Saudi Aramco ‘explores supply cuts to meet OPEC target’

Saudi Aramco is reportedly approaching all its customers for possible cuts from February.
Updated 06 January 2017

Saudi Aramco ‘explores supply cuts to meet OPEC target’

LONDON: Saudi Aramco has started talks with customers globally to discuss possible cuts of 3 percent to 7 percent in February crude loadings as it moves to implement an agreement on curbing global oil output, sources said on Thursday.
The Organization of the Petroleum Exporting Countries (OPEC) agreed in late November to cut production in the first half of 2017 to reduce global oversupply and prop up prices.
“Aramco is approaching all its customers for possible cuts from February and discussing likely (supply) scenarios,” one of the sources said. “Nothing is confirmed yet,” he said, adding that the scenarios were for 3 percent to 7 percent cuts.
Aramco did not immediately comment.
Under the deal, Saudi Arabia agreed to cut output by 486,000 barrels per day (bpd), or 4.61 percent of its October production of 10.544 million bpd.
Energy, Industries and Mineral Resources Minister Khalid Al-Falih said last month that January oil production could fall below the Kingdom’s agreed ceiling.
“We have done a very high reduction to Saudi Aramco’s customers in Europe and the US, and some customers in Asia, which will bring the Kingdom’s production below the agreed upon ceiling,” he said.
Saudi Aramco will be receiving nominations for February crude supplies from its customers and is assessing which grades it could cut, a second source said.
Saudi oil buyers will be notified by Jan. 10 of their respective crude allocations for February.
“Saudi Arabia, out of OPEC (members), is the country where we should expect the most compliance (to the OPEC agreement). In a sense, it is a confirmation that they are doing what they said they will do,” Petromatrix oil strategist Olivier Jakob said.
Saudi Arabia’s crude output fell from a revised 10.60 million bpd in November to 10.45 million bpd in December, according to a Reuters survey of OPEC production.
“Exports are down markedly from a massive November number,” said one source who tracks Saudi output.
“The bottom line is December is down from November with regard to supply to market.”
Aramco raised the official selling price (OSP) for most of the crude grades it sells to Asia and the US, but cut prices to Europe.
The price of Arab Light crude for Asian customers rose by $0.60 a barrel compared with January to $0.15 a barrel below the Oman/Dubai average.
Traders in Asia said the price hikes were slightly more than expected, and coming on the back of supply cuts in February.

Gulf defense spending ‘to top $110bn by 2023’

Updated 23 min 14 sec ago

Gulf defense spending ‘to top $110bn by 2023’

  • Saudi Arabia and UAE initiatives ‘driving forward industrial defense capabilities’
  • Budgets are increasing as countries pursue modernization of equipment and expansion of their current capabilities

LONDON: Defense spending by Gulf Arab states is expected to rise to more than $110 billion by 2023, driven partly by localized military initiatives by Saudi Arabia and the UAE, a report has found.

Budgets are increasing as countries pursue the modernization of equipment and expansion of their current capabilities, according to a report by analytics firm Jane’s by IHS Markit.

Military expenditure in the Gulf will increase from $82.33 billion in 2013 to an estimated $103.01 billion in 2019, and is forecast to continue trending upward to $110.86 billion in 2023.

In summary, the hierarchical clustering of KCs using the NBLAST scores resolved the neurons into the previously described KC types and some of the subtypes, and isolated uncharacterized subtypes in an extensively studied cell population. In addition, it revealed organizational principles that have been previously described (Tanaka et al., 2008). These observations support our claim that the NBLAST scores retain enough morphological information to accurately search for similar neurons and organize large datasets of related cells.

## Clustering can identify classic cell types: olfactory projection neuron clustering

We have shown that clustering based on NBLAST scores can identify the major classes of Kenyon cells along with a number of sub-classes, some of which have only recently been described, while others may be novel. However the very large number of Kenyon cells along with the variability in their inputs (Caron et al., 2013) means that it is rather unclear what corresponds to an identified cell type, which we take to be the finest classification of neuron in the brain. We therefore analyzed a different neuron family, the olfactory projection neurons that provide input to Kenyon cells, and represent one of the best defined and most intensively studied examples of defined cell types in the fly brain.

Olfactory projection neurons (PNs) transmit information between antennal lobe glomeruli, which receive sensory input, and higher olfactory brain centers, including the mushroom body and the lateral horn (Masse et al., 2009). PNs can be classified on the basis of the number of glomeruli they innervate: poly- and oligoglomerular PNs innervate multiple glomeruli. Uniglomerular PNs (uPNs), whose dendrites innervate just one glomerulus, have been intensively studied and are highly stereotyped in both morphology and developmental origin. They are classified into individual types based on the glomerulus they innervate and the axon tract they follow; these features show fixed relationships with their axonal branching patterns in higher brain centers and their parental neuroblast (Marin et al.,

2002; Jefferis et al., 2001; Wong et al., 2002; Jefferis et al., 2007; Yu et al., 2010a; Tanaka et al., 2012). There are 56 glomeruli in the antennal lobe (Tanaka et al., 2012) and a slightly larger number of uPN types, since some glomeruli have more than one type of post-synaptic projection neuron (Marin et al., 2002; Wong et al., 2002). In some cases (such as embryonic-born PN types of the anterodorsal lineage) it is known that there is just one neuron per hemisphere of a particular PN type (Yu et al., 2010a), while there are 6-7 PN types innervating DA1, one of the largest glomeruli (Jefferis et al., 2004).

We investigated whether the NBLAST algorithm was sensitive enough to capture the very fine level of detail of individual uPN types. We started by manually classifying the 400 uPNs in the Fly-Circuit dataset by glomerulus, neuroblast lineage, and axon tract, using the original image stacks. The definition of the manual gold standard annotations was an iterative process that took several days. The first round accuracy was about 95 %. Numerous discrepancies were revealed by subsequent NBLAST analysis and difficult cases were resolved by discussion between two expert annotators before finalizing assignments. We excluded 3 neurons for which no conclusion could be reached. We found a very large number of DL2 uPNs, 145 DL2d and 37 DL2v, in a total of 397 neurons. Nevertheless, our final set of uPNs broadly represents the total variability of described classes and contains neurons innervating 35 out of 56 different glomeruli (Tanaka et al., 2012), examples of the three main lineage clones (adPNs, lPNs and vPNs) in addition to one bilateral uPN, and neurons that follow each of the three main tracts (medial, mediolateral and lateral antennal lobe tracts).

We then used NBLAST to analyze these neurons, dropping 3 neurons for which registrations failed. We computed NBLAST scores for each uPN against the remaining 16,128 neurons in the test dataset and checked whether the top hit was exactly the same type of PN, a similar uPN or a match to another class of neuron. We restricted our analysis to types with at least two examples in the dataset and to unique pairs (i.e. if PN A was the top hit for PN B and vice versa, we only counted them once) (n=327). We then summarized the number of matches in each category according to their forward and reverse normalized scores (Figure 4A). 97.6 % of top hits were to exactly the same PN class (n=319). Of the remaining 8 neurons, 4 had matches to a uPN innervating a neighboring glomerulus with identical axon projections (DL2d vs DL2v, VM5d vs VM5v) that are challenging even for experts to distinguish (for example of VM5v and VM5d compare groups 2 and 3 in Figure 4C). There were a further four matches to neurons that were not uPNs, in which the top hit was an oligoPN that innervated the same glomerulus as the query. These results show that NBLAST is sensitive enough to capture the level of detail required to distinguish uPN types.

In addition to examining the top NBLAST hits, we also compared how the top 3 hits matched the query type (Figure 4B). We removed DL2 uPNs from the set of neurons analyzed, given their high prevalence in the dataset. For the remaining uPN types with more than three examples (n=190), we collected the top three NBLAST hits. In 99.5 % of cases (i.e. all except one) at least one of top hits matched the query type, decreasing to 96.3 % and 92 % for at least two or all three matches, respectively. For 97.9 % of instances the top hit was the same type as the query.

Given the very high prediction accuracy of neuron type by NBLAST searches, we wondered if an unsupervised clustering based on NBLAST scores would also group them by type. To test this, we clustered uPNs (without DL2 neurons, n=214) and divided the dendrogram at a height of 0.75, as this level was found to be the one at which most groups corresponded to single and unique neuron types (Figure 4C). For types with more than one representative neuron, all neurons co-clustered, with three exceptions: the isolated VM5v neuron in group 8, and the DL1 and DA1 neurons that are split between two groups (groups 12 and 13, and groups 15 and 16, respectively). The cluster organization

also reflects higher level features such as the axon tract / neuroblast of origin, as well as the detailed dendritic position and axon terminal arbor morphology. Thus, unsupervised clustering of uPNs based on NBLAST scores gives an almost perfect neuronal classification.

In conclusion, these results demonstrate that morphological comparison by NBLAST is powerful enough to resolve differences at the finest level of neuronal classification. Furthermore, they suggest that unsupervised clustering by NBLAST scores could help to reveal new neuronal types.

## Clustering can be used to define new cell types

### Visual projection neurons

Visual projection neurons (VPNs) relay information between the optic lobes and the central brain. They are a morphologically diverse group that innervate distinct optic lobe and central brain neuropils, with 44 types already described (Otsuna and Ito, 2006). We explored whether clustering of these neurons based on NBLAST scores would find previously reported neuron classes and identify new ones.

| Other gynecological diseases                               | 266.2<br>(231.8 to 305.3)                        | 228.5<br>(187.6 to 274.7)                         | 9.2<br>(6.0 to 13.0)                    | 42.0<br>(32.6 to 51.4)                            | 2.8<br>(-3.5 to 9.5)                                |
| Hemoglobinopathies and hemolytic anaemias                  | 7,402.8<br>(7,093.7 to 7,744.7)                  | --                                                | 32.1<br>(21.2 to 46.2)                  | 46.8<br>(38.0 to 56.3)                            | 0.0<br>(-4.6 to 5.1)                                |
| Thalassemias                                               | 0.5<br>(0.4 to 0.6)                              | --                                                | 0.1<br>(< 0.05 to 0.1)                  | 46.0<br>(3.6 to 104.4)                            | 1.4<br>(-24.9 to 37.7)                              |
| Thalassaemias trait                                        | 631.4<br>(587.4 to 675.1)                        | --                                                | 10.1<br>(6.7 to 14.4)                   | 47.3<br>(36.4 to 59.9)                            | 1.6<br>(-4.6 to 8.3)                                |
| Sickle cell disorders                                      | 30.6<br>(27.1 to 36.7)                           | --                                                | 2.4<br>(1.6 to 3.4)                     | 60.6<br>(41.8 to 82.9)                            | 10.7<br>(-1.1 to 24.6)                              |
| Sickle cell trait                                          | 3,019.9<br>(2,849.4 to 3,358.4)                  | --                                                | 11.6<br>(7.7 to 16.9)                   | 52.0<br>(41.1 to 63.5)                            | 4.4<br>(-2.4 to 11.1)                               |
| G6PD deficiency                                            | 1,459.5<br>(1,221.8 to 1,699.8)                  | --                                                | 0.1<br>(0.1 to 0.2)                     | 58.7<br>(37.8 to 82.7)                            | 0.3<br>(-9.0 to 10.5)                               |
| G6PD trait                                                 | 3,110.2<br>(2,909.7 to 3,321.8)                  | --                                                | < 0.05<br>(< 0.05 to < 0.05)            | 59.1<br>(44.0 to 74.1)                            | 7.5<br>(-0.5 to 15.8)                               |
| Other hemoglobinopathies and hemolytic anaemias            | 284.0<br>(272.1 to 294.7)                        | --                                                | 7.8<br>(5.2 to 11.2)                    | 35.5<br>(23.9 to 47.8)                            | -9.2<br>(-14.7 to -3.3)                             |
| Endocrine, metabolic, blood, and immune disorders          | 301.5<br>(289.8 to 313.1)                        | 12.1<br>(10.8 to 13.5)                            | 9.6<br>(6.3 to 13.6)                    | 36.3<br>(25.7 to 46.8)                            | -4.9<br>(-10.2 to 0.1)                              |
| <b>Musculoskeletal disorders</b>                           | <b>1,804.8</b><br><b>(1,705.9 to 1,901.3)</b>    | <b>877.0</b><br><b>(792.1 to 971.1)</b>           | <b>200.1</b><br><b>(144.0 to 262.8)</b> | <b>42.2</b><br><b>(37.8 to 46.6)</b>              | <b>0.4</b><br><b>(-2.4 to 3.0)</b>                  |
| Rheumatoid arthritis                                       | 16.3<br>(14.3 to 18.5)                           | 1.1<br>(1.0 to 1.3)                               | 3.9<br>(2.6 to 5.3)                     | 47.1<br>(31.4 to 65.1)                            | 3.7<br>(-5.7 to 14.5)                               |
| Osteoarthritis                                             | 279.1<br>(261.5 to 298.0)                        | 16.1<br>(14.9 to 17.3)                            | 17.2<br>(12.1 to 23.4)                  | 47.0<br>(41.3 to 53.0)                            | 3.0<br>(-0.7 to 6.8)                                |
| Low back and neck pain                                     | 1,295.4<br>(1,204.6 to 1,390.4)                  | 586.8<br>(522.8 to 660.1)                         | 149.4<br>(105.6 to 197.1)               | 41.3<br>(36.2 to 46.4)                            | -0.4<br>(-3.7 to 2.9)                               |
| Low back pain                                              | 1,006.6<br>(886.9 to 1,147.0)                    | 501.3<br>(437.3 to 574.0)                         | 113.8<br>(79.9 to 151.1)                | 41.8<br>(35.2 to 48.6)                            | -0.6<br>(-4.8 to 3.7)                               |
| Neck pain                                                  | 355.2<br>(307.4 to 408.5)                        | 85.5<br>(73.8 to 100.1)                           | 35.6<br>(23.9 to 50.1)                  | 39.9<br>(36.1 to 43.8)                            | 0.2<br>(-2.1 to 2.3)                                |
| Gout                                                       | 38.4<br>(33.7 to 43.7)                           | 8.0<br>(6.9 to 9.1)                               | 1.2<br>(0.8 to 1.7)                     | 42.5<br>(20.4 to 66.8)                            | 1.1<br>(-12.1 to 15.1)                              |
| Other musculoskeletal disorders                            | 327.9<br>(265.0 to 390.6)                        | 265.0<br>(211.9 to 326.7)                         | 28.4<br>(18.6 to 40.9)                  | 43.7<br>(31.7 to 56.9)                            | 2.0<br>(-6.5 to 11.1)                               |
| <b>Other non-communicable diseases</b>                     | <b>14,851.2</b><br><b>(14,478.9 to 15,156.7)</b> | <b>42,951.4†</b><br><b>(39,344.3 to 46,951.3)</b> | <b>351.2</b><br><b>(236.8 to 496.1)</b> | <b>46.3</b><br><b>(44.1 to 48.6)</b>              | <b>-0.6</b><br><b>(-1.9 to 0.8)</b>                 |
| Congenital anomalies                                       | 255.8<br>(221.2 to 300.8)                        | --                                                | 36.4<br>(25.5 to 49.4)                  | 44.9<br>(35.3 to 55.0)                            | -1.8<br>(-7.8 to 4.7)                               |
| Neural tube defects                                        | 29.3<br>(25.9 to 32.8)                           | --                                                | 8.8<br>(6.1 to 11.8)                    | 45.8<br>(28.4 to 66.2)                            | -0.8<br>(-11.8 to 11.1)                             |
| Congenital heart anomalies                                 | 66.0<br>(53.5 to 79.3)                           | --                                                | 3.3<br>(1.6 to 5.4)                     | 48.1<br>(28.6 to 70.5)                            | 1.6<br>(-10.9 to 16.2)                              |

“Falling energy revenues between 2014 and 2016 led to some major procurement projects being delayed as governments reigned in budget deficits,” said Charles Forrester, senior defense industry analyst at Jane’s.

“However, defense was generally protected from the worst of the spending cuts due to regional security concerns and budgets are now growing again.”

Major deals in the region have included Eurofighter Typhoon purchases by countries including Saudi Arabia and Kuwait.

Saudi Arabia is also looking to “localize” 50 percent of total government military spending in the Kingdom by 2030, and in 2017 announced the launch of the state-owned military industrial company Saudi Arabia Military Industries.

Forrester said such moves will boost the ability for Gulf countries to start exporting, rather than purely importing defense equipment.

“Within the defense sector, the establishment of Saudi Arabia Military Industries (SAMI) in 2017 and consolidation of the UAE’s defense industrial base through the creation of Emirates Defense Industries Company (EDIC) in 2014 have helped consolidate and drive forward industrial defense capabilities,” he said.

“This has happened as the countries focus on improving the quality of the defense technological work packages they undertake through offset, as well as increasing their ability to begin exporting defense equipment.”

Regional countries are also considering the use of “disruptive technologies” such as artificial intelligence in defense, Forrester said.

Meanwhile, it emerged on Friday that worldwide outlays on weapons and defense rose 1.8 percent to more than $1.67 trillion in 2018.

The US was responsible for almost half that increase, according to “The Military Balance” report released at the Munich Security Conference and quoted by Reuters.

Western powers were concerned about Russia’s upgrades of air bases and air defense systems in Crimea, the report said, but added that “China perhaps represents even more of a challenge, as it introduces yet more advanced military systems and is engaged in a strategy to improve its forces’ ability to operate at distance from the homeland.”